The Tudors Family Rivalries Continue
Henry’s VIII’s Will 1534 Succession Act acknowledged rights of Mary and Elizabeth, though maintaining their “illegitimacy” and empowered Henry to determine further succession by will. The will in December 1546 gave precedence (after Henry’s children) to descendants of his younger sister Mary and then to the descendants of Margaret of Scotland.
27 January 1547 Henry dies, but it is kept secret for 3 days while councilors Hertford and Paget took steps to alter the will. Instead of collective government by named council of equals, Paget claimed Henry’s real intention was to make Edward Seymour Protector or virtual regent, and that the councilors should receive new lands and titles.
The First Successor: • Nine year old Edward VI • His Regency: Thomas Cranmer, Northumberland and Somerset. They pushed toward more Protestant doctrines.
New Acts of Parliament • Clergy could marry • Elimination veneration of images • Book of Common Prayer • Two sacraments allowed
The Next Queen is . . . Before Edward VI died he agreed to make Lady Jane Grey his successor. But the principal of hereditary monarchy said the rightful heir is Mary I
True Line of Succession Lady Jane Grey reigned July 6-19 1553. Northumberland, supporter of Lady Jane, set out to fight supporters for Mary to throne. Her support grew too much that Northumberland had to capitulate in Cambridge. Mary’s coup was successful and both lost their heads.
QUEEN MARY I -She proclaimed herself queen on July 10 1553 -It was a near-bloodless accession -Over 800 went into exile -After 1555, at least 280 people were executed for heresy -Parliament obediently appealed laws to restore England to a Catholic country.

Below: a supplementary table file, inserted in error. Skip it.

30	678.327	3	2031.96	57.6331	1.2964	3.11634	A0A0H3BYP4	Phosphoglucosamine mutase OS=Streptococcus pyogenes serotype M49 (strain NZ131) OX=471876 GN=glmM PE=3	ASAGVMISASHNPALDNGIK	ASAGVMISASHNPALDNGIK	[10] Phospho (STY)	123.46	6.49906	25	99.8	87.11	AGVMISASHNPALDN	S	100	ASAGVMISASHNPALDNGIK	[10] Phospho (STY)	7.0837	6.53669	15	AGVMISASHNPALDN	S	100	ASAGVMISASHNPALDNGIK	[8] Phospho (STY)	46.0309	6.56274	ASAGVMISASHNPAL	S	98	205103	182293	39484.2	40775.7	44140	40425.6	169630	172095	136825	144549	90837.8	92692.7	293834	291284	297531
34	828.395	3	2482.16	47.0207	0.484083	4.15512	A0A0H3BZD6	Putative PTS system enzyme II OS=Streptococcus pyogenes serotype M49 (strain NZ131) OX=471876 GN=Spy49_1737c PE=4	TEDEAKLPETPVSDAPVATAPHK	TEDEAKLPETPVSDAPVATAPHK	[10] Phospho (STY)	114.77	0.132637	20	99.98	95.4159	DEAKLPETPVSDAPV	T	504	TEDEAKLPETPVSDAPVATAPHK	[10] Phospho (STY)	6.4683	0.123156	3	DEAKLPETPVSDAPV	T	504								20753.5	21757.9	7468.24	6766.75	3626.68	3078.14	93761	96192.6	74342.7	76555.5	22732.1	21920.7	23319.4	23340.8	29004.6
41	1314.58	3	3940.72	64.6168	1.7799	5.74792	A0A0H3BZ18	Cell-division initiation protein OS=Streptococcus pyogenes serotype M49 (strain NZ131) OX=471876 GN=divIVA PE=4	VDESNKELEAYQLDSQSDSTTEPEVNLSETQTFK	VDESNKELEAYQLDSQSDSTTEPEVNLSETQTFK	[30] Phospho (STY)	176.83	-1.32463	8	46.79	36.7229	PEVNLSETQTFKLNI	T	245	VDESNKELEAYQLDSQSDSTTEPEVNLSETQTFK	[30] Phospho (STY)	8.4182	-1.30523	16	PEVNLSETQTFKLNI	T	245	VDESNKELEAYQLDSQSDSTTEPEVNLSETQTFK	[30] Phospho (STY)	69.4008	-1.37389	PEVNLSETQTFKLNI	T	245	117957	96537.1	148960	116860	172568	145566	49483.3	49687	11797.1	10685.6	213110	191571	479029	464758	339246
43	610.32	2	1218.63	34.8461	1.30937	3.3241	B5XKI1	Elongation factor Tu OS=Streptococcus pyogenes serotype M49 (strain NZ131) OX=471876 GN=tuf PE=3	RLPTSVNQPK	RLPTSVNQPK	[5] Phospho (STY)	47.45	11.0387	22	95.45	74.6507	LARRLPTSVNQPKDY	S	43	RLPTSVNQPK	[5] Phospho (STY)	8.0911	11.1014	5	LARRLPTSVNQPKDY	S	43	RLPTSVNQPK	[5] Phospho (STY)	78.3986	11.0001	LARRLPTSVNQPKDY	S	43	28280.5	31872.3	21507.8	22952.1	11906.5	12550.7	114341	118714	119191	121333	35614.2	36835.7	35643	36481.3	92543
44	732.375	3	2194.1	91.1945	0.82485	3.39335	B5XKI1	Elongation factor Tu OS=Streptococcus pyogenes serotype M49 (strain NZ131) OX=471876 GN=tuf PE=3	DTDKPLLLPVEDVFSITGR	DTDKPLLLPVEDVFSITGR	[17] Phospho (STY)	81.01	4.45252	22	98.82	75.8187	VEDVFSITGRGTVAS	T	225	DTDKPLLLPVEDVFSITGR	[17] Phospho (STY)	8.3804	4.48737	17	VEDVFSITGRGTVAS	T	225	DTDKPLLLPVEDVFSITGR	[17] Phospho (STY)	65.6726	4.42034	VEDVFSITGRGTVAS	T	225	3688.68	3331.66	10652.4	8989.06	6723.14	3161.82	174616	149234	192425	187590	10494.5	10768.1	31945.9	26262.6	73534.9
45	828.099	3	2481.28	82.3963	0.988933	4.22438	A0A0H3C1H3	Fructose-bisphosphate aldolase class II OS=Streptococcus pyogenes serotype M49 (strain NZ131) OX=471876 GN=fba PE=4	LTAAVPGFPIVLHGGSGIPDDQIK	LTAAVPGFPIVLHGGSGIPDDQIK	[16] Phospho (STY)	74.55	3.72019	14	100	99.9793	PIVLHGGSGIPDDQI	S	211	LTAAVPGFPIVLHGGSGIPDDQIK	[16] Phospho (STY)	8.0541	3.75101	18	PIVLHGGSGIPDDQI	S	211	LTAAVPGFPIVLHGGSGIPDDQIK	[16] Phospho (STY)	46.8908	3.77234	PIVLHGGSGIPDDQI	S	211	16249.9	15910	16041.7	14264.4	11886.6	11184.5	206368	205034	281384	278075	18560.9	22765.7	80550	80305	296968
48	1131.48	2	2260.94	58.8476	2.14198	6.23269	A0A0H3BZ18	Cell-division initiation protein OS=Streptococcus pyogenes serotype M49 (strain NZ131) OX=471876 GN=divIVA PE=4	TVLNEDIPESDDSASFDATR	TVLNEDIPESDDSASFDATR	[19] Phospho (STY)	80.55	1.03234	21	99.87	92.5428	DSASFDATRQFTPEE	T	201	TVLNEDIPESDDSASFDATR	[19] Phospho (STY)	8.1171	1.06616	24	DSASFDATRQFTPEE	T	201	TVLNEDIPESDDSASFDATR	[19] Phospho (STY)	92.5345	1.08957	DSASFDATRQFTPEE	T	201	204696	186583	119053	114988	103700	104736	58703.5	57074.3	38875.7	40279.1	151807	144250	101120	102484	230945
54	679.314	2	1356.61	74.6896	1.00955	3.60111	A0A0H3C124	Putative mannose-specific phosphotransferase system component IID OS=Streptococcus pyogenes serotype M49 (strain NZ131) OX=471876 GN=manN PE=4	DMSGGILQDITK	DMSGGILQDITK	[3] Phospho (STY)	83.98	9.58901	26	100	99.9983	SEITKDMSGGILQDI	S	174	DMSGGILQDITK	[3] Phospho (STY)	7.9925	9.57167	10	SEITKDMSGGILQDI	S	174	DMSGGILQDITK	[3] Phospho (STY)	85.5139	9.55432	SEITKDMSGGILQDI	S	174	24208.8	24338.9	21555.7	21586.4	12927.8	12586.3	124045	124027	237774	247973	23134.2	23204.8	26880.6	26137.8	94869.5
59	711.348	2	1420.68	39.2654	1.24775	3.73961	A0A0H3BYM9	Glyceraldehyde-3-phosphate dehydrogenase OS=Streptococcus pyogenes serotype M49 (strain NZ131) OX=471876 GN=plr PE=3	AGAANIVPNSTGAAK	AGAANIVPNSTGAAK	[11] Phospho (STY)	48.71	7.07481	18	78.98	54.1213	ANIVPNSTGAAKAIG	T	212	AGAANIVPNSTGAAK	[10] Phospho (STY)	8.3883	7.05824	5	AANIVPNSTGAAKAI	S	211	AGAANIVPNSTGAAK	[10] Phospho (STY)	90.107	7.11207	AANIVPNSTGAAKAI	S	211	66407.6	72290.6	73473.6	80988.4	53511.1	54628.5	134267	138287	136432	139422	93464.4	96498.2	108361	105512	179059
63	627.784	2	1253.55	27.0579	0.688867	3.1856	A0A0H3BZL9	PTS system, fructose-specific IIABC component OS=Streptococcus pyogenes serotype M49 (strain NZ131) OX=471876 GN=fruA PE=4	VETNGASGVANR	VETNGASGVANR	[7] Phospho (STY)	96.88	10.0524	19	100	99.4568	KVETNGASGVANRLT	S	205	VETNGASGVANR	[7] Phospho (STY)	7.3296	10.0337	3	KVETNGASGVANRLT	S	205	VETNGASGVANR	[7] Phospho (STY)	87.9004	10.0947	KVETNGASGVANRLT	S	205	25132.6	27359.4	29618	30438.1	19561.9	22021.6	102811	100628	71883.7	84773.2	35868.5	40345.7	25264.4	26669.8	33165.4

Spanish Marriage 1554 Treaty for marriage between Mary and Philip II concluded in January. Philip could not inherit the crown. Critics still feared Spanish domination. (the loss of Calais to the French)
Wyatt’s Rebellion 1554 After the announcement of Spanish marriage, Sir Thomas Wyatt raised 3,000 men to march on London. Queen Mary rallied supporters in London and rebels were repulsed. In the purge following Wyatt’s execution, Jane Grey beheaded then came calls for Elizabeth’s death
Bloody Mary Yes she did burn Cranmer and a few hundred Protestant extremists in Smithfield. It was Protestant propaganda that coined the “Bloody Mary” and the “fires of Smithfield”
Queen Elizabeth I Her reign began in 1558 Was successful in both domestic and foreign policy. With her advisor Sir William Cecil, they looked for a religious settlement “The Elizabethan compromise” 1559 New Act of Supremacy
Challenge for the Queen • The religious extremists • The marriage question • The continuing agitation to Spain • Controlling Parliament • Plots for assassinations/coups • Family rivalry
Mary Queen of Scots Elizabeth’s, cousin A French Catholic Queen in Scotland Public scandal: Her lover, Bothwell accused of killing her husband, Lord Darnley. Bothwell was acquitted. So she can marry Bothwell
The Loss of a Queen Outraged Protestants force Mary to surrender the throne to her one year old son, James VI of Scotland. Elizabeth allows her cousin to stay in England, under house arrest for nineteen years. In 1583 and 1586 Walsingham uncovers more plots against Elizabeth. (Babington) February 1587, the monarch lost her head for treason